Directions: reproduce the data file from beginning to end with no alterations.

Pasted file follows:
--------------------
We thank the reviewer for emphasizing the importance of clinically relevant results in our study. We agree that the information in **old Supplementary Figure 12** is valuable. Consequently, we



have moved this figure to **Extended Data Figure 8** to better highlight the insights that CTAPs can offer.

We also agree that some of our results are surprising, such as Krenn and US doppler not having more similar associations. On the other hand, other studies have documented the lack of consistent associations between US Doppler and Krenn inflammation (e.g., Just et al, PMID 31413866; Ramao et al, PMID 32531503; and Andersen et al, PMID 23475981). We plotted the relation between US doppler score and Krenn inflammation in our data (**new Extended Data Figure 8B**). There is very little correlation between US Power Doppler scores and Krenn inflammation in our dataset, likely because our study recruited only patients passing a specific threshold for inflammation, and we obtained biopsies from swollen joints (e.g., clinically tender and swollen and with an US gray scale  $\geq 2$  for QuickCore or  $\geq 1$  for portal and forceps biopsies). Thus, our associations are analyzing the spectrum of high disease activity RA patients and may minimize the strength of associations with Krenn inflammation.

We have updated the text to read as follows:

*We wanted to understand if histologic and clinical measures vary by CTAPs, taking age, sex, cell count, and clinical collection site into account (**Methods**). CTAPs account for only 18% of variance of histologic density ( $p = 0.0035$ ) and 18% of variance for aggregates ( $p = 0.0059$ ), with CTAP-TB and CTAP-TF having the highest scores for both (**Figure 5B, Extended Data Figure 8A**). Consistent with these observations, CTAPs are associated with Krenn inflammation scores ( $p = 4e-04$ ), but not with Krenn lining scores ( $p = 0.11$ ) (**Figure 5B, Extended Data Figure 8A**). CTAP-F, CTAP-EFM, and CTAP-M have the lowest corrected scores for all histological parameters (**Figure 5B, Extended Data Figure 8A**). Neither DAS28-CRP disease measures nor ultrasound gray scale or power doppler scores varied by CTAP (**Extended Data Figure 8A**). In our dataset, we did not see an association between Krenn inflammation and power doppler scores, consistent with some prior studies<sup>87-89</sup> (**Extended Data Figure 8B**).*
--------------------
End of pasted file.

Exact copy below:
We thank the reviewer for emphasizing the importance of clinically relevant results in our study. We agree that the information in **old Supplementary Figure 12** is valuable. Consequently, we



have moved this figure to **Extended Data Figure 8** to better highlight the insights that CTAPs can offer.

We also agree that some of our results are surprising, such as Krenn and US doppler not having more similar associations. On the other hand, other studies have documented the lack of consistent associations between US Doppler and Krenn inflammation (e.g., Just et al, PMID 31413866; Ramao et al, PMID 32531503; and Andersen et al, PMID 23475981). We plotted the relation between US doppler score and Krenn inflammation in our data (**new Extended Data Figure 8B**). There is very little correlation between US Power Doppler scores and Krenn inflammation in our dataset, likely because our study recruited only patients passing a specific threshold for inflammation, and we obtained biopsies from swollen joints (e.g., clinically tender and swollen and with an US gray scale  $\geq 2$  for QuickCore or  $\geq 1$  for portal and forceps biopsies). Thus, our associations are analyzing the spectrum of high disease activity RA patients and may minimize the strength of associations with Krenn inflammation.

We have updated the text to read as follows:

*We wanted to understand if histologic and clinical measures vary by CTAPs, taking age, sex, cell count, and clinical collection site into account (**Methods**). CTAPs account for only 18% of variance of histologic density ( $p = 0.0035$ ) and 18% of variance for aggregates ( $p = 0.0059$ ), with CTAP-TB and CTAP-TF having the highest scores for both (**Figure 5B, Extended Data Figure 8A**). Consistent with these observations, CTAPs are associated with Krenn inflammation scores ( $p = 4e-04$ ), but not with Krenn lining scores ( $p = 0.11$ ) (**Figure 5B, Extended Data Figure 8A**). CTAP-F, CTAP-EFM, and CTAP-M have the lowest corrected scores for all histological parameters (**Figure 5B, Extended Data Figure 8A**). Neither DAS28-CRP disease measures nor ultrasound gray scale or power doppler scores varied by CTAP (**Extended Data Figure 8A**). In our dataset, we did not see an association between Krenn inflammation and power doppler scores, consistent with some prior studies<sup>87-89</sup> (**Extended Data Figure 8B**).*